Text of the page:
Presentation software is like a database. It pieces together parts of songs in the right order and presents them on cue. It’s brilliantly simple in concept. However, the challenge is trying to decide what parts to present when. Songs can have all kinds of parts: verses, choruses, bridges, pre-choruses, refrains, tags, endings. Normally, I put the song order together before Sunday to make rehearsal time more productive. But consider the challenge when I get an order like this:
V, Pre-Ch, Ch x2, Br, Inst, V2, Pre-Ch, Ch x2, Br x2, Tag, End

Looks easy right? Except there is no indication of what words go with those parts. My favorite worship leaders supply very detailed charts that include not only the order (which we call the scan), but also clearly define each part of the song. Some songs are very obvious–”How Great Thou Art” for example; four verses and a chorus. Others are slightly more complicated–Crowder’s “Make a Joyful Noise”; try to figure out which part of that song is a bridge! Having a clear chart completely eliminates the confusion of simply supplying abbreviations because regardless of what a part is called, we can make sure the words are in order.

I highly recommend clear charts, at least until you have a solid book of songs that both the tech team and worship leader are comfortable with, and all parts are well defined. I spent some time in the youth department of my last church putting together a song list that matched the worship team book. After a while, we could use shorthand and not get burned.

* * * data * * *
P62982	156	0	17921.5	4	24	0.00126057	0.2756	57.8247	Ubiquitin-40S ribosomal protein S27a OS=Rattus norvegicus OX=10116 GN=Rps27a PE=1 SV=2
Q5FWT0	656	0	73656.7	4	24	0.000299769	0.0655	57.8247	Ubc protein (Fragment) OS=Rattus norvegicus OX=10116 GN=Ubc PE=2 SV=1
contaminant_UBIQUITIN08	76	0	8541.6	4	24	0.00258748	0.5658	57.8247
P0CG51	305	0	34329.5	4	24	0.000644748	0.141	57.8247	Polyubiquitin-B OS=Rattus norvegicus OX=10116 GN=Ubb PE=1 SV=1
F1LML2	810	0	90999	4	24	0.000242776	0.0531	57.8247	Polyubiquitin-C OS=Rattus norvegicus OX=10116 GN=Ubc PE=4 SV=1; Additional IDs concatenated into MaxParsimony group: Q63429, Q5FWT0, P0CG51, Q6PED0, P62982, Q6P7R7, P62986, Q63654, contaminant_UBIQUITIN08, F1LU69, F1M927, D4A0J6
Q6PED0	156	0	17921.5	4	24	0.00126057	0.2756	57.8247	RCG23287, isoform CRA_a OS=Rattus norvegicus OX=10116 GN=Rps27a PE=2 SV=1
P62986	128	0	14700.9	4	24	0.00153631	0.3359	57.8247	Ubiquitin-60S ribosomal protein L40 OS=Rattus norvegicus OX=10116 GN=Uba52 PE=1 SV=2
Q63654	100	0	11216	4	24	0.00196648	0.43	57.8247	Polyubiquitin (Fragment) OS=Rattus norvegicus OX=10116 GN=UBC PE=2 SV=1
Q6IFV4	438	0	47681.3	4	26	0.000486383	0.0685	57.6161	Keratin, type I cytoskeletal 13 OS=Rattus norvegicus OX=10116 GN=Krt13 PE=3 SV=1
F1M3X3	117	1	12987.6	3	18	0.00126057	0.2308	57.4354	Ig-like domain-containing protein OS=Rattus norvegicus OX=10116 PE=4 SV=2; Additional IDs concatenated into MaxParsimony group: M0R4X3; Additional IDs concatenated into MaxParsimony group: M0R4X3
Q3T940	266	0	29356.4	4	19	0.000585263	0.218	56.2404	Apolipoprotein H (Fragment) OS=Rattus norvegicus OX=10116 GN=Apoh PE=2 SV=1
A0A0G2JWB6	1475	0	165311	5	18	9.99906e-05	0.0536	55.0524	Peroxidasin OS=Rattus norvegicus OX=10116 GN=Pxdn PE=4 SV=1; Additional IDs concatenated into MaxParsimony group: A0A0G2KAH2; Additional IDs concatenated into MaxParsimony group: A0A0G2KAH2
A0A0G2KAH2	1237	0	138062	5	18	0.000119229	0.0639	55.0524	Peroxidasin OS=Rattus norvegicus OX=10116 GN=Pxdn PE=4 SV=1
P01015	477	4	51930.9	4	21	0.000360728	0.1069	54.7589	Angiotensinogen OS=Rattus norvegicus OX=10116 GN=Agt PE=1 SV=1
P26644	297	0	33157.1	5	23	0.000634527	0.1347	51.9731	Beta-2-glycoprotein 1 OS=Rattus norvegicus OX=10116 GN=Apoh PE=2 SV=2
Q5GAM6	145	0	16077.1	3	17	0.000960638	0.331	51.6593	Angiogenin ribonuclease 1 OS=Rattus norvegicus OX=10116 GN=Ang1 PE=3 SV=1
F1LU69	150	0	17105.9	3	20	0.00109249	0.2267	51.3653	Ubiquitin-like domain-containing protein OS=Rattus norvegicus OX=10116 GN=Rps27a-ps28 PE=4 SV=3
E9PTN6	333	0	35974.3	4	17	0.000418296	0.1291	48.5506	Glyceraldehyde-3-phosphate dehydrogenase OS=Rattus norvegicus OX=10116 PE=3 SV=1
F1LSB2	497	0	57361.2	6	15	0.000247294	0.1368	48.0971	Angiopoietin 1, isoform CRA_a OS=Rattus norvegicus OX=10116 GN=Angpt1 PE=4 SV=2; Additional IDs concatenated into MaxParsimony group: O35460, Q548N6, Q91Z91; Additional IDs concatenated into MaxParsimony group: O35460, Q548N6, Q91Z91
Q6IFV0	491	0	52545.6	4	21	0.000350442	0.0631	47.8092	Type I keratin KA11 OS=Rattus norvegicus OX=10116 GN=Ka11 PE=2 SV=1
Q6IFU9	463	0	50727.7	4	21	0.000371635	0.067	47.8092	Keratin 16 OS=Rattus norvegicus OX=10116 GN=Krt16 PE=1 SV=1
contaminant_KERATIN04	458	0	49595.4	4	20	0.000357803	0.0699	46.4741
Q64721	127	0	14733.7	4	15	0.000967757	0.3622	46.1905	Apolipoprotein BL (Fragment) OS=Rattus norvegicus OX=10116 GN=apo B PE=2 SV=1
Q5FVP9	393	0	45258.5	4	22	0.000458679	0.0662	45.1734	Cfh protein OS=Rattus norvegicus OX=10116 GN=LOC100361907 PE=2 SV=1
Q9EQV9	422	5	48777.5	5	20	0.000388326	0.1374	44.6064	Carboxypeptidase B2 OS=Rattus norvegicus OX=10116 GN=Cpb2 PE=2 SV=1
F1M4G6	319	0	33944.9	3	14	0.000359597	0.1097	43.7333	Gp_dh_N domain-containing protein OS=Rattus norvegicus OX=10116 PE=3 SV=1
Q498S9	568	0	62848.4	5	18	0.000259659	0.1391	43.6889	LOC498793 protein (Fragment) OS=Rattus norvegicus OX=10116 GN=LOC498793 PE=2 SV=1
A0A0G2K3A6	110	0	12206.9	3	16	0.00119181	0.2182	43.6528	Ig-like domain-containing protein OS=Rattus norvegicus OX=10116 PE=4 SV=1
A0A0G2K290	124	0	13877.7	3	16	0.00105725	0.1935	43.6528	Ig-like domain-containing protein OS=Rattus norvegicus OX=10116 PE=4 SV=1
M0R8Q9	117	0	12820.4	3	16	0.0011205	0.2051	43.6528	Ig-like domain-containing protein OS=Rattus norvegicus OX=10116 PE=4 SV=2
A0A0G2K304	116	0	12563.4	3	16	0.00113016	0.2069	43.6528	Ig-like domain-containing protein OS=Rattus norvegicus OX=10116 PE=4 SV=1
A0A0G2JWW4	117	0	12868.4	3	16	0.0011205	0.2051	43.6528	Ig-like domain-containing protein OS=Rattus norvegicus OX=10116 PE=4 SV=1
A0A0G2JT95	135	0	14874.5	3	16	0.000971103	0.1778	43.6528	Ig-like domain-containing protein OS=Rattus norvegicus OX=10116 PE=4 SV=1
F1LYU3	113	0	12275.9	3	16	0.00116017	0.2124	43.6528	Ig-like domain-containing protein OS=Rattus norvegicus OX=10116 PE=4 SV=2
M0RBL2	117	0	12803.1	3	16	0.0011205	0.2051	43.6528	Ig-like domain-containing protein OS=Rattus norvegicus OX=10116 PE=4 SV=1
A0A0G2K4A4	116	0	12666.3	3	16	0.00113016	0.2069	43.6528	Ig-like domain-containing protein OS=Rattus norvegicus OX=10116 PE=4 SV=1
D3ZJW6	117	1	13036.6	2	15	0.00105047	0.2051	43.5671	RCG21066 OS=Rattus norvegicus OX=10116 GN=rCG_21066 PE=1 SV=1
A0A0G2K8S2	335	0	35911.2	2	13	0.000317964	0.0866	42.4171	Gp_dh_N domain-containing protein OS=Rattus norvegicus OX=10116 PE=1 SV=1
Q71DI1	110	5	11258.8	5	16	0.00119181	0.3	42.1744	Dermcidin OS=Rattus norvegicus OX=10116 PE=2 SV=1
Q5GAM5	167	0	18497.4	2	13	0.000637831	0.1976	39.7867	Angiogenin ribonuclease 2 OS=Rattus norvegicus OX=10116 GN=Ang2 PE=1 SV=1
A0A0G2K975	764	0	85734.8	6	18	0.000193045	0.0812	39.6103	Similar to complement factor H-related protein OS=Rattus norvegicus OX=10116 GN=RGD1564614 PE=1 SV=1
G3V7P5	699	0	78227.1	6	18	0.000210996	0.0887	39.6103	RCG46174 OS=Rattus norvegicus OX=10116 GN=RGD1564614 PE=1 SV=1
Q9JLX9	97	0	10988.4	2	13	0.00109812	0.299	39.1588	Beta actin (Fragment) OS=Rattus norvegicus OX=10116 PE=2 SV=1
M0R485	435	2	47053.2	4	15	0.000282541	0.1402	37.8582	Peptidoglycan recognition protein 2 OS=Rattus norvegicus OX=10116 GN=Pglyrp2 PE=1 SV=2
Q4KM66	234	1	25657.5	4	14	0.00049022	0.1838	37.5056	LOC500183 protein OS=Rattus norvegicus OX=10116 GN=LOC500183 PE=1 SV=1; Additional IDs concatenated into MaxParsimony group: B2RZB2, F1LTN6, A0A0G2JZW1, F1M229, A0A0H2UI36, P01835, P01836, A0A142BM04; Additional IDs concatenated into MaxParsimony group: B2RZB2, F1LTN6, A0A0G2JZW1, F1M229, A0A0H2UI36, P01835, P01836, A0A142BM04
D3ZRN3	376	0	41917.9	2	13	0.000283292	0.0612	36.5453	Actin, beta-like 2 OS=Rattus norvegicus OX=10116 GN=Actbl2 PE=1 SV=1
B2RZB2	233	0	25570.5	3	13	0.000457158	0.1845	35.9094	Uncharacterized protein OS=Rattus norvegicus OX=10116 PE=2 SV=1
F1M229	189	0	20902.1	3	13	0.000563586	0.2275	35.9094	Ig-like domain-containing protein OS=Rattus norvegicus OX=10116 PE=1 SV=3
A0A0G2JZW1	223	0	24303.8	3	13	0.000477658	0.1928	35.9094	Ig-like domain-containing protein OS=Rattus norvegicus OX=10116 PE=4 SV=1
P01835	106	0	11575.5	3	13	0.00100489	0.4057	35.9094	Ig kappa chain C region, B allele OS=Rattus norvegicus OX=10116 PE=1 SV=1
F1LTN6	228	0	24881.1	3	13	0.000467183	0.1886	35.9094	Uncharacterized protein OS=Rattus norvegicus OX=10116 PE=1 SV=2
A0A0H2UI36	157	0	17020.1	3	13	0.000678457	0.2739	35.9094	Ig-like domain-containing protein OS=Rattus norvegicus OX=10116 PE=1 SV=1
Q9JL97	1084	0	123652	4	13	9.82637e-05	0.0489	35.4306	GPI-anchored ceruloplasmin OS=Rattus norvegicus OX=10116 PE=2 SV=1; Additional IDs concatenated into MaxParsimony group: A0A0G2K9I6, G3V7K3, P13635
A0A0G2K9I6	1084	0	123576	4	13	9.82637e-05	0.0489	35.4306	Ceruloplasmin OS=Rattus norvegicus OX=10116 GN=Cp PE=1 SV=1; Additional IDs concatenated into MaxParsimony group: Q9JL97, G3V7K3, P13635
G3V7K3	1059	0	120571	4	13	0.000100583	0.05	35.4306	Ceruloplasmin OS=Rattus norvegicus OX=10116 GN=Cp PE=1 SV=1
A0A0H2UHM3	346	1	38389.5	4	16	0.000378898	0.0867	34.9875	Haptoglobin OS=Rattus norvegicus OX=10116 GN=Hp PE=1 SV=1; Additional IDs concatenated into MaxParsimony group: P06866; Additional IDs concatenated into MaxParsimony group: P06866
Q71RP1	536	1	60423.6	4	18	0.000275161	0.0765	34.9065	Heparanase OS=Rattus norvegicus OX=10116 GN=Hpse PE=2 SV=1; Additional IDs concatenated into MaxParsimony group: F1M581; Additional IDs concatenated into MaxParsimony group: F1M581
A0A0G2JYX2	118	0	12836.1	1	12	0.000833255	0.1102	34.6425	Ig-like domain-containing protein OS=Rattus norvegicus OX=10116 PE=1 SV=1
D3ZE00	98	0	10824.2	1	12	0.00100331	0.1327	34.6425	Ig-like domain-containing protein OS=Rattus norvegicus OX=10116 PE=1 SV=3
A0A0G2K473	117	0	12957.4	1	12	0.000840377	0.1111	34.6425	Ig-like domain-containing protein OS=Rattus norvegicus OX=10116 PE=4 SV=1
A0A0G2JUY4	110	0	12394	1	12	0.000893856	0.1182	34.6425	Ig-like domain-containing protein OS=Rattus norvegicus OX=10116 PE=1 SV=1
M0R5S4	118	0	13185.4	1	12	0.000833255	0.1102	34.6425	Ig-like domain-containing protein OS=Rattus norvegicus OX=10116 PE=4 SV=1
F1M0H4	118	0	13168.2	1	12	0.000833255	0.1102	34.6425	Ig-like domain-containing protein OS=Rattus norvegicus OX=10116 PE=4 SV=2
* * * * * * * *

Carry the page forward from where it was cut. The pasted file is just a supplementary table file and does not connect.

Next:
Stick to the Script

I fully appreciate that sometimes the spirit of the room dictates that you add an extra repeat of the chorus or throw in an alternate ending for a song. There are times when people get wrapped up in the song, and it makes sense to keep singing it. I support that and want to accommodate an organic style of worship. What I don’t support is worship leaders not bothering to actually learn the song and stick with the order you gave us. I’ve worked with worship leaders in the past whose song order, let alone verse/chorus order, could be considered a guide at best. This might work great when sitting around in a living room with a dozen people, but when there are a few hundred (or a few thousand) people trying to worship God and the only thing they have to go on are the words on the screen, it’s a recipe for disaster.

You might be thinking, “What’s the big deal? It’s all on the computer, follow along!” Two problems with that theory.